Charon was found by astronomer James Christy on June 22, 1978, when he was looking at highly blown up picture of Pluto on a photographic plate that taken a couple of months before. Christy noticed that a slight bulge was able to be seen every now and then. This finding was made public on July 7, 1978. Later, the bulge was confirmed on plates dating back to April 29, 1965.
Later observations of Pluto were able to figure out that the bulge was due to a smaller body. The orbit of the bulge fit in with Pluto's rotation period, which was already known from Pluto's light curve.
Any final doubts were erased when Pluto and Charon entered a five-year period of mutual eclipses between 1985 and 1990. This happens when the Pluto-Charon orbital plane is edge-on as seen from Earth, which only happens at twice in Pluto's 248-year orbital period. It was very lucky that one of these intervals happened to occur so soon after Charon's discovery.
Pictures showing Pluto and Charon as separate disks were taken for the first time by the Hubble Space Telescope in the 1990s. Later, after a new technology called adaptive optics was discovered, it was possible to see Pluto and Charon as separate disks using ground-based telescopes.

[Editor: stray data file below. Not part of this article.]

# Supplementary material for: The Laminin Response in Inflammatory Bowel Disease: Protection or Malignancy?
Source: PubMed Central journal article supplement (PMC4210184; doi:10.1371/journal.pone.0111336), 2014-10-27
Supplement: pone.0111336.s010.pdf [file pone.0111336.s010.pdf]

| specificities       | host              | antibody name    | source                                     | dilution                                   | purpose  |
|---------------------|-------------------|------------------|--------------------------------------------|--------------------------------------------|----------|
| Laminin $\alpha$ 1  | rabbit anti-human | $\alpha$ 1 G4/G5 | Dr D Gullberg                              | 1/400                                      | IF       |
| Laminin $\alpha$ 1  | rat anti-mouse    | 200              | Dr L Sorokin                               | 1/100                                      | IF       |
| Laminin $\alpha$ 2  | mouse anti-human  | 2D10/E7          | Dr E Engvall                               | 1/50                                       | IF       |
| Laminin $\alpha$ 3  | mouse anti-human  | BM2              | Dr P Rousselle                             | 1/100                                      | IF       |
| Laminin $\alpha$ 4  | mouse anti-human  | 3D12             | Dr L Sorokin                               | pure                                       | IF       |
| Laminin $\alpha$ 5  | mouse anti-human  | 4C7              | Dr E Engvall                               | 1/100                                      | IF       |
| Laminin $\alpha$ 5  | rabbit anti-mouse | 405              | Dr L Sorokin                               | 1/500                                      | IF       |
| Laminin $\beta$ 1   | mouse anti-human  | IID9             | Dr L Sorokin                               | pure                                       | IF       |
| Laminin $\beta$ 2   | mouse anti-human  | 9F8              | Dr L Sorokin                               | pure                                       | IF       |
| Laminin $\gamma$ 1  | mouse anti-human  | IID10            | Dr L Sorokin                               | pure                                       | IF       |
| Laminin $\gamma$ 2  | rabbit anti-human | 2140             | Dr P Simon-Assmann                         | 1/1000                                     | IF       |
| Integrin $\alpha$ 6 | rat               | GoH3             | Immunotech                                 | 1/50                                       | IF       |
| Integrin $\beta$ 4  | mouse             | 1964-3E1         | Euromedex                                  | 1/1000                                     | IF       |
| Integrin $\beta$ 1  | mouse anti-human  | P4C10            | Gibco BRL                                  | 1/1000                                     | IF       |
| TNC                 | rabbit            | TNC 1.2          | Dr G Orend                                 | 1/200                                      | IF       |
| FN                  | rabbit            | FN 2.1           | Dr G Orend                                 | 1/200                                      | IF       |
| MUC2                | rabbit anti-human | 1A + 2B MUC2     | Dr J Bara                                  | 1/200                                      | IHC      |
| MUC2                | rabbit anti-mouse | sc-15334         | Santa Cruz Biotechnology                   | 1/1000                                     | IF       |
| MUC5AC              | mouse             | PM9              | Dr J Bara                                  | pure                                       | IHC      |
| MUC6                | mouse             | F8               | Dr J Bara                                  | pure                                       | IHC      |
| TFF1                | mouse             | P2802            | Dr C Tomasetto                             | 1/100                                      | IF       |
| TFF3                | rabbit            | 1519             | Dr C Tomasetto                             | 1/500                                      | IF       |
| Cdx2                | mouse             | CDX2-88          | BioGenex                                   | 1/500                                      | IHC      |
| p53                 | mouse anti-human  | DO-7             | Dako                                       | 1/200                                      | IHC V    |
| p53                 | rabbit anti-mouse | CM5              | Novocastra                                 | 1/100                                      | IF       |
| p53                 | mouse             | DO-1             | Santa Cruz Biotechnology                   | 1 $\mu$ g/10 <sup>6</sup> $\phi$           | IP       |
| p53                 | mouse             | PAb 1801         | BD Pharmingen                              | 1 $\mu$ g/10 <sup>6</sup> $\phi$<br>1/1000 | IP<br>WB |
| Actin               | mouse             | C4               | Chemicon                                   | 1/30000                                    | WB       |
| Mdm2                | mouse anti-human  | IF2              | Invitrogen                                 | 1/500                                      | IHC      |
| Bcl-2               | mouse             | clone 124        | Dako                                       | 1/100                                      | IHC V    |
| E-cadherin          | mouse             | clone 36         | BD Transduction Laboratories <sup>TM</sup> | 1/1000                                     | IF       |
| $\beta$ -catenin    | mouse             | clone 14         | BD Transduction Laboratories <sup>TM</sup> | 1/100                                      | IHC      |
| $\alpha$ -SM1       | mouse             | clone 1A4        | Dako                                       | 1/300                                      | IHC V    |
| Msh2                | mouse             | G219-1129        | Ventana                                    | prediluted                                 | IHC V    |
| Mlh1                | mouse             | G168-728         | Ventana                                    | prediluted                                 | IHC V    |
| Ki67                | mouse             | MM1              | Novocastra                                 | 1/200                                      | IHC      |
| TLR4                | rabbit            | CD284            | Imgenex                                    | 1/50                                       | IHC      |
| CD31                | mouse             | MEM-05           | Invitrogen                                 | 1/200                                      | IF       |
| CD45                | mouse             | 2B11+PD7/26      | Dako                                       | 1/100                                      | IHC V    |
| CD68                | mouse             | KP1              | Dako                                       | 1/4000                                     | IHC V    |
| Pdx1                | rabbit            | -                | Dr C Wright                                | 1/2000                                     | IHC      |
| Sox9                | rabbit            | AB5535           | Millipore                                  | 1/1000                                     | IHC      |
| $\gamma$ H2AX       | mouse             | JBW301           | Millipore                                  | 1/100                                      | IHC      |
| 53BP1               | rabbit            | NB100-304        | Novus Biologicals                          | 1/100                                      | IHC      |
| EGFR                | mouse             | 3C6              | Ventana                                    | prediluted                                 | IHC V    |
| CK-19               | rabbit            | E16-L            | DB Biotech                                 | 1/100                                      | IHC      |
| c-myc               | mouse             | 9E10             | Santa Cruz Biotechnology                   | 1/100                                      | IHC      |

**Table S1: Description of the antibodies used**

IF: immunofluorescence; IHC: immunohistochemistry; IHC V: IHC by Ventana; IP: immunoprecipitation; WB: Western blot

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- Charon Profile by NASA's Solar System Exploration
- James W. Christy and Robert S. Harrington, "The satellite of Pluto," The Astronomical Journal 83 (1978) 1005
- Marc W. Buie, Phases of Charon as seen from Pluto, Lowell Observatory
- Buie, Surface of Charon and Pluto
- Hubble reveals new map of Pluto, BBC News, September 12, 2005
- IAU Circular No. 3241 describing the discovery
- Measuring the Size of a Small, Frost World (ESO press release January 2006)
- M. J. Person et al.: Charon’s Radius and Density from the Combined Data Sets of the 2005 July 11 Occultation (submitted to the Astronomical Journal, February 3, 2006)
- Cryovolcanism on Charon and other Kuiper Belt Objects